Britain could attract $37bn funding to develop new antibiotics IBTimes UK

Prime Minister David Cameron is poised to set new targets for the UK medical fraternity to reduce the use of antibiotic drugs for humans as well as livestock by 2020. Health experts have warned that antibiotic-resistant superbugs could kill one person every three seconds if no action is take to check the use of antibiotics.

Cameron reportedly shared his plans with world leaders at the ongoing G7 summit in Japan on Thursday (26 May) and an announcement in this regard will be made on Friday.

The three primary measures to be announced by Cameron include reducing the current level of wrongly prescribed drugs by 50% – to around 3.4 million – by 2020; reducing the number of healthcare associated bloodstream infections that pose major risks to bring down antibiotics demand; and setting an overall target for antibiotic use in livestock and fish farming. The measures are in line with the recommendations made by healthcare expert Jim O'Neill in a recent report on anti-microbial resistance.

Antibiotics being sifted by a pharmacist
David Cameron is setting new targets for doctors to curtail the use of antibiotics in wake of warnings of detrimental effects of anti-microbial resistance Reuters

O'Neill's report warned that anti-microbial resistance could lead to a possible 10 million deaths a year by 2050 if appropriate action is not taken to curtail the use of antibiotics. "The measures to be announced today further reinforce for the international community just how serious we are about tackling [anti-microbial resistance], and the investment we make in doing so will be money well spent in saving lives," health secretary Jeremy Hunt was quoted by the Express as saying.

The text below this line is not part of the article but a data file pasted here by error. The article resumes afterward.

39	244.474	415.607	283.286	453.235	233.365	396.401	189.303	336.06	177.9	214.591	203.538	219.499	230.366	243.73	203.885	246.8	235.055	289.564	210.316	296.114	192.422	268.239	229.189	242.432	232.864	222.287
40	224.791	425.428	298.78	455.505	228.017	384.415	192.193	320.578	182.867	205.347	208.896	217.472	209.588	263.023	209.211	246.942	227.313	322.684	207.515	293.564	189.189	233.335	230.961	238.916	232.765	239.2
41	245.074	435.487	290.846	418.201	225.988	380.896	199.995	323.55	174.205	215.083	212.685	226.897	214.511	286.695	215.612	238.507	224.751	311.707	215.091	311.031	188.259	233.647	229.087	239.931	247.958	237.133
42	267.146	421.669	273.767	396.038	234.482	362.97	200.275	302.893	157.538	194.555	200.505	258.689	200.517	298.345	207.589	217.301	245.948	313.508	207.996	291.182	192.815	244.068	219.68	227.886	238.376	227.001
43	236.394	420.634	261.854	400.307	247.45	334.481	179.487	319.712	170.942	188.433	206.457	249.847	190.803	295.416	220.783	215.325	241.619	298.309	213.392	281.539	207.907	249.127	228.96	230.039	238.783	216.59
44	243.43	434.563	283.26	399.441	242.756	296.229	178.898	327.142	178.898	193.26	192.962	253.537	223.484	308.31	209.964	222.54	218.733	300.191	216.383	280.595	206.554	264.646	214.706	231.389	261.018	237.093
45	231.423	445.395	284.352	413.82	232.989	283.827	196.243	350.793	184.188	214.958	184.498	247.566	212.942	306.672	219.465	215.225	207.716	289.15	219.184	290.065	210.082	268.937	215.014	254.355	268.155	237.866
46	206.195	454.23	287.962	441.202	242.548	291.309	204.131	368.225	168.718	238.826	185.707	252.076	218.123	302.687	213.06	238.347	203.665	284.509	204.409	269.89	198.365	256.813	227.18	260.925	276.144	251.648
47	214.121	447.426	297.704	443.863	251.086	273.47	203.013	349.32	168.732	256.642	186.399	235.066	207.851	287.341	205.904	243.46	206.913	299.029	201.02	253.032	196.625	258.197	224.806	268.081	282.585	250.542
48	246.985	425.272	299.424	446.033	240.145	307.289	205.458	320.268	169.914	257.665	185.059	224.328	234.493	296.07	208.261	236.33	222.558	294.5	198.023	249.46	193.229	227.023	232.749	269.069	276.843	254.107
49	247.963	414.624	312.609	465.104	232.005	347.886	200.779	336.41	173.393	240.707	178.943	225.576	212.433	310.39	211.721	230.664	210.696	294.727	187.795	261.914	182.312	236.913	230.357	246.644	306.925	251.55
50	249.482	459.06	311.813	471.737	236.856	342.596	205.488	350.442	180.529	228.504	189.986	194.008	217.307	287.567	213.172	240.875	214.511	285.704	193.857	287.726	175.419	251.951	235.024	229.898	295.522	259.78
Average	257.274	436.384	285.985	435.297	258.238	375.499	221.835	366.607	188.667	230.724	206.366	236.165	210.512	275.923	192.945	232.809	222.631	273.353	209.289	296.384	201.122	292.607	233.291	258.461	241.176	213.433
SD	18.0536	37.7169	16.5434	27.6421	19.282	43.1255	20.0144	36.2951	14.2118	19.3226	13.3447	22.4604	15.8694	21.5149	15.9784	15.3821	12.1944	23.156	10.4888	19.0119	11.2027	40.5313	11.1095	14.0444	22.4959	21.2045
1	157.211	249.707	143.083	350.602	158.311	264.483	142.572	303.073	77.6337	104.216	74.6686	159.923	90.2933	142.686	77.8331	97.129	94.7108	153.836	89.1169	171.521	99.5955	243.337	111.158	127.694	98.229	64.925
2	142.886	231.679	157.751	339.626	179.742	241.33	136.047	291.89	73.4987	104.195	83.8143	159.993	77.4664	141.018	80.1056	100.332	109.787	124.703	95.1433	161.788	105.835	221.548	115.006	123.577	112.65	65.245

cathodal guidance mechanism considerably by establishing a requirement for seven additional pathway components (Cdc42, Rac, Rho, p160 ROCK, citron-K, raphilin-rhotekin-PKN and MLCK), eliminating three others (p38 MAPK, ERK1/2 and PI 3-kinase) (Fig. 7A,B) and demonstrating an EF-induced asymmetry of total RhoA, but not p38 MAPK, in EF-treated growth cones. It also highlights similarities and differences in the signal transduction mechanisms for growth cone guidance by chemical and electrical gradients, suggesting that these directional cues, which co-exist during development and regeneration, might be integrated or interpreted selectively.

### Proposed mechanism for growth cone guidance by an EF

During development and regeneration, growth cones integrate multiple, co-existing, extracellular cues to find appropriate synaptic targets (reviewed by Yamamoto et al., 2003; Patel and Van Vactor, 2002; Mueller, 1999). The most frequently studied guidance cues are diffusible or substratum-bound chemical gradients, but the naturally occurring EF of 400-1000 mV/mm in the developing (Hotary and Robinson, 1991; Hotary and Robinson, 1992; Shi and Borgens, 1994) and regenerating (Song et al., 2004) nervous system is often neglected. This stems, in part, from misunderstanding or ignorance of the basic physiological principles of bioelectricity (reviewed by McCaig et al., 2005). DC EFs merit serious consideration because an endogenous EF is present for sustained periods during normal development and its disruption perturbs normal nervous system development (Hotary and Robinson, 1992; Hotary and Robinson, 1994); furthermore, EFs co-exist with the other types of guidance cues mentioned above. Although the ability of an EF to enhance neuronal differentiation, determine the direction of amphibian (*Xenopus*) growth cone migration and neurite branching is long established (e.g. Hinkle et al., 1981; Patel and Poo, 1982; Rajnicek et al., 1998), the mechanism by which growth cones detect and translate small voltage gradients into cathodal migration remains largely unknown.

Public health minister Jane Ellison reportedly said that "the impact of drug resistant infections right across our health system here in the UK" is already visible. "Tackling this problem is everyone's business, doing nothing is not an option," she said, adding, "We know that inappropriate use of antibiotics is a key driver of these drug resistant infections. In England we are beginning to make progress, with family doctors achieving a 7 per cent reduction in antibiotic prescribing last year. These new goals will help to maintain this momentum."

A report published recently by the health department revealed that general practitioners have succeeded in cutting all antibiotic prescriptions by 2.6 million in 2015. The drop in antibiotic prescription could be attributed to the financial incentives offered to doctors – an extra £5 ($7.3) per head of the local population for meeting a target of 1% decrease in their use.